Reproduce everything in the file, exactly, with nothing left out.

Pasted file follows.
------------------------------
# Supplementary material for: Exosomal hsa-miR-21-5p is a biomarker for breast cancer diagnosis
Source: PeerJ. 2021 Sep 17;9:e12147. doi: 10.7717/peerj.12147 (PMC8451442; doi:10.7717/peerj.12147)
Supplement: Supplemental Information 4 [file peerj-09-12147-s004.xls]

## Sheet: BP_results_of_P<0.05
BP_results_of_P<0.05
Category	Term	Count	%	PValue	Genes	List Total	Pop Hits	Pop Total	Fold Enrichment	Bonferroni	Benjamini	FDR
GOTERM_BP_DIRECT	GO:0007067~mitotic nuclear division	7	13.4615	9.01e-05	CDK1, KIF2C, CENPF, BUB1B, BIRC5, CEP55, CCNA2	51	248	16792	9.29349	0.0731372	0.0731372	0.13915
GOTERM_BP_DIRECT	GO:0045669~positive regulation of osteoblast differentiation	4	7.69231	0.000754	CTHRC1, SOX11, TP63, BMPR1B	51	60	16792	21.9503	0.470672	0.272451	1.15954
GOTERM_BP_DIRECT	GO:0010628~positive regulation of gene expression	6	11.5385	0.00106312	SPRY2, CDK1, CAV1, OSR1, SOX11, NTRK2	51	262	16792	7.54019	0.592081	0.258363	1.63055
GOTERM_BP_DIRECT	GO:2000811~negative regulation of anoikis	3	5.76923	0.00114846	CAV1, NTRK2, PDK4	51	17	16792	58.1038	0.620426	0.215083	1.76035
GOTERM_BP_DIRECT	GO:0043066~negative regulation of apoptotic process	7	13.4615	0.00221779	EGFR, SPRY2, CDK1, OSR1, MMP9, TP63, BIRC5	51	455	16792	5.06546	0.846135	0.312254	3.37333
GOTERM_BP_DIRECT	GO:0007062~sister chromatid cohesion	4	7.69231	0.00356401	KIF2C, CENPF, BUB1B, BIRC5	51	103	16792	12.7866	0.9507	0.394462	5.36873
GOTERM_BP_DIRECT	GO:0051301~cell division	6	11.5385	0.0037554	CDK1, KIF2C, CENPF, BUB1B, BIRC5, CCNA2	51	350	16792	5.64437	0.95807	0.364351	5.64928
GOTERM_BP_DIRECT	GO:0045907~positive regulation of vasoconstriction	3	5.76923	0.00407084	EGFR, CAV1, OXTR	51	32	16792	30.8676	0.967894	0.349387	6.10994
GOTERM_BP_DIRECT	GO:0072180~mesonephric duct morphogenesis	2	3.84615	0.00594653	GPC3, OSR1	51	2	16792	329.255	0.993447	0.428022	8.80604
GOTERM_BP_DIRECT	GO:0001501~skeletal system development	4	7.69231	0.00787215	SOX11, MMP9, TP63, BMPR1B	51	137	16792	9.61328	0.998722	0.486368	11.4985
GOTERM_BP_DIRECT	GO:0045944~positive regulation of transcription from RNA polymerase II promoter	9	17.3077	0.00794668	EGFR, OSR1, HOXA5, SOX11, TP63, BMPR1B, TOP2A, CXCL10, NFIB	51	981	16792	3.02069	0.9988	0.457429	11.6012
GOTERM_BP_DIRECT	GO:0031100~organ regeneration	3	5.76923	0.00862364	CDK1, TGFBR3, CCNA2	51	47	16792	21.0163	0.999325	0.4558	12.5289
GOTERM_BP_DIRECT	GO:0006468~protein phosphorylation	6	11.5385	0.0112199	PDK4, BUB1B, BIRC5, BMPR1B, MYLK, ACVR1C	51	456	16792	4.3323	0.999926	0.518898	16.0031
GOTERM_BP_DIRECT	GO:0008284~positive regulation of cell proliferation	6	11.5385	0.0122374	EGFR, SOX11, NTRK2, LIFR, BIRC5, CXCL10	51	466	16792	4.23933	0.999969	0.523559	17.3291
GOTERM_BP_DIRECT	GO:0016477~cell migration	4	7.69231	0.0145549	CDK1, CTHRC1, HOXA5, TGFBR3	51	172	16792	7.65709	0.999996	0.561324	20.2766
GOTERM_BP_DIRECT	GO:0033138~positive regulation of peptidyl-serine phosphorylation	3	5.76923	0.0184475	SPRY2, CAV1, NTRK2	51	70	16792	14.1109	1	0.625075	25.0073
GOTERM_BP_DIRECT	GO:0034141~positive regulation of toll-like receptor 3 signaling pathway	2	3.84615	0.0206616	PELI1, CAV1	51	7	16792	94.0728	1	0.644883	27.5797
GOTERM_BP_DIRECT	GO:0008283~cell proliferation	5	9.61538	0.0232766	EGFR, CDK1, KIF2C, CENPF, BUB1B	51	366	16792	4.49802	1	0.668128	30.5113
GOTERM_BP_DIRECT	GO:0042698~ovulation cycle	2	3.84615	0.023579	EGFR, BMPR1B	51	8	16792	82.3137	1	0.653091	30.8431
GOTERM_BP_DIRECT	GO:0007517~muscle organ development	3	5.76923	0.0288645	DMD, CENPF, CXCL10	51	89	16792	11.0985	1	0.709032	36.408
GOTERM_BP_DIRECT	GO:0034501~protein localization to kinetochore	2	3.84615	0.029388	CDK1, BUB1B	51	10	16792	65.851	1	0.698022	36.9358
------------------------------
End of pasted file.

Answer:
# Supplementary material for: Exosomal hsa-miR-21-5p is a biomarker for breast cancer diagnosis
Source: PeerJ. 2021 Sep 17;9:e12147. doi: 10.7717/peerj.12147 (PMC8451442; doi:10.7717/peerj.12147)
Supplement: Supplemental Information 4 [file peerj-09-12147-s004.xls]

## Sheet: BP_results_of_P<0.05
BP_results_of_P<0.05
Category	Term	Count	%	PValue	Genes	List Total	Pop Hits	Pop Total	Fold Enrichment	Bonferroni	Benjamini	FDR
GOTERM_BP_DIRECT	GO:0007067~mitotic nuclear division	7	13.4615	9.01e-05	CDK1, KIF2C, CENPF, BUB1B, BIRC5, CEP55, CCNA2	51	248	16792	9.29349	0.0731372	0.0731372	0.13915
GOTERM_BP_DIRECT	GO:0045669~positive regulation of osteoblast differentiation	4	7.69231	0.000754	CTHRC1, SOX11, TP63, BMPR1B	51	60	16792	21.9503	0.470672	0.272451	1.15954
GOTERM_BP_DIRECT	GO:0010628~positive regulation of gene expression	6	11.5385	0.00106312	SPRY2, CDK1, CAV1, OSR1, SOX11, NTRK2	51	262	16792	7.54019	0.592081	0.258363	1.63055
GOTERM_BP_DIRECT	GO:2000811~negative regulation of anoikis	3	5.76923	0.00114846	CAV1, NTRK2, PDK4	51	17	16792	58.1038	0.620426	0.215083	1.76035
GOTERM_BP_DIRECT	GO:0043066~negative regulation of apoptotic process	7	13.4615	0.00221779	EGFR, SPRY2, CDK1, OSR1, MMP9, TP63, BIRC5	51	455	16792	5.06546	0.846135	0.312254	3.37333
GOTERM_BP_DIRECT	GO:0007062~sister chromatid cohesion	4	7.69231	0.00356401	KIF2C, CENPF, BUB1B, BIRC5	51	103	16792	12.7866	0.9507	0.394462	5.36873
GOTERM_BP_DIRECT	GO:0051301~cell division	6	11.5385	0.0037554	CDK1, KIF2C, CENPF, BUB1B, BIRC5, CCNA2	51	350	16792	5.64437	0.95807	0.364351	5.64928
GOTERM_BP_DIRECT	GO:0045907~positive regulation of vasoconstriction	3	5.76923	0.00407084	EGFR, CAV1, OXTR	51	32	16792	30.8676	0.967894	0.349387	6.10994
GOTERM_BP_DIRECT	GO:0072180~mesonephric duct morphogenesis	2	3.84615	0.00594653	GPC3, OSR1	51	2	16792	329.255	0.993447	0.428022	8.80604
GOTERM_BP_DIRECT	GO:0001501~skeletal system development	4	7.69231	0.00787215	SOX11, MMP9, TP63, BMPR1B	51	137	16792	9.61328	0.998722	0.486368	11.4985
GOTERM_BP_DIRECT	GO:0045944~positive regulation of transcription from RNA polymerase II promoter	9	17.3077	0.00794668	EGFR, OSR1, HOXA5, SOX11, TP63, BMPR1B, TOP2A, CXCL10, NFIB	51	981	16792	3.02069	0.9988	0.457429	11.6012
GOTERM_BP_DIRECT	GO:0031100~organ regeneration	3	5.76923	0.00862364	CDK1, TGFBR3, CCNA2	51	47	16792	21.0163	0.999325	0.4558	12.5289
GOTERM_BP_DIRECT	GO:0006468~protein phosphorylation	6	11.5385	0.0112199	PDK4, BUB1B, BIRC5, BMPR1B, MYLK, ACVR1C	51	456	16792	4.3323	0.999926	0.518898	16.0031
GOTERM_BP_DIRECT	GO:0008284~positive regulation of cell proliferation	6	11.5385	0.0122374	EGFR, SOX11, NTRK2, LIFR, BIRC5, CXCL10	51	466	16792	4.23933	0.999969	0.523559	17.3291
GOTERM_BP_DIRECT	GO:0016477~cell migration	4	7.69231	0.0145549	CDK1, CTHRC1, HOXA5, TGFBR3	51	172	16792	7.65709	0.999996	0.561324	20.2766
GOTERM_BP_DIRECT	GO:0033138~positive regulation of peptidyl-serine phosphorylation	3	5.76923	0.0184475	SPRY2, CAV1, NTRK2	51	70	16792	14.1109	1	0.625075	25.0073
GOTERM_BP_DIRECT	GO:0034141~positive regulation of toll-like receptor 3 signaling pathway	2	3.84615	0.0206616	PELI1, CAV1	51	7	16792	94.0728	1	0.644883	27.5797
GOTERM_BP_DIRECT	GO:0008283~cell proliferation	5	9.61538	0.0232766	EGFR, CDK1, KIF2C, CENPF, BUB1B	51	366	16792	4.49802	1	0.668128	30.5113
GOTERM_BP_DIRECT	GO:0042698~ovulation cycle	2	3.84615	0.023579	EGFR, BMPR1B	51	8	16792	82.3137	1	0.653091	30.8431
GOTERM_BP_DIRECT	GO:0007517~muscle organ development	3	5.76923	0.0288645	DMD, CENPF, CXCL10	51	89	16792	11.0985	1	0.709032	36.408
GOTERM_BP_DIRECT	GO:0034501~protein localization to kinetochore	2	3.84615	0.029388	CDK1, BUB1B	51	10	16792	65.851	1	0.698022	36.9358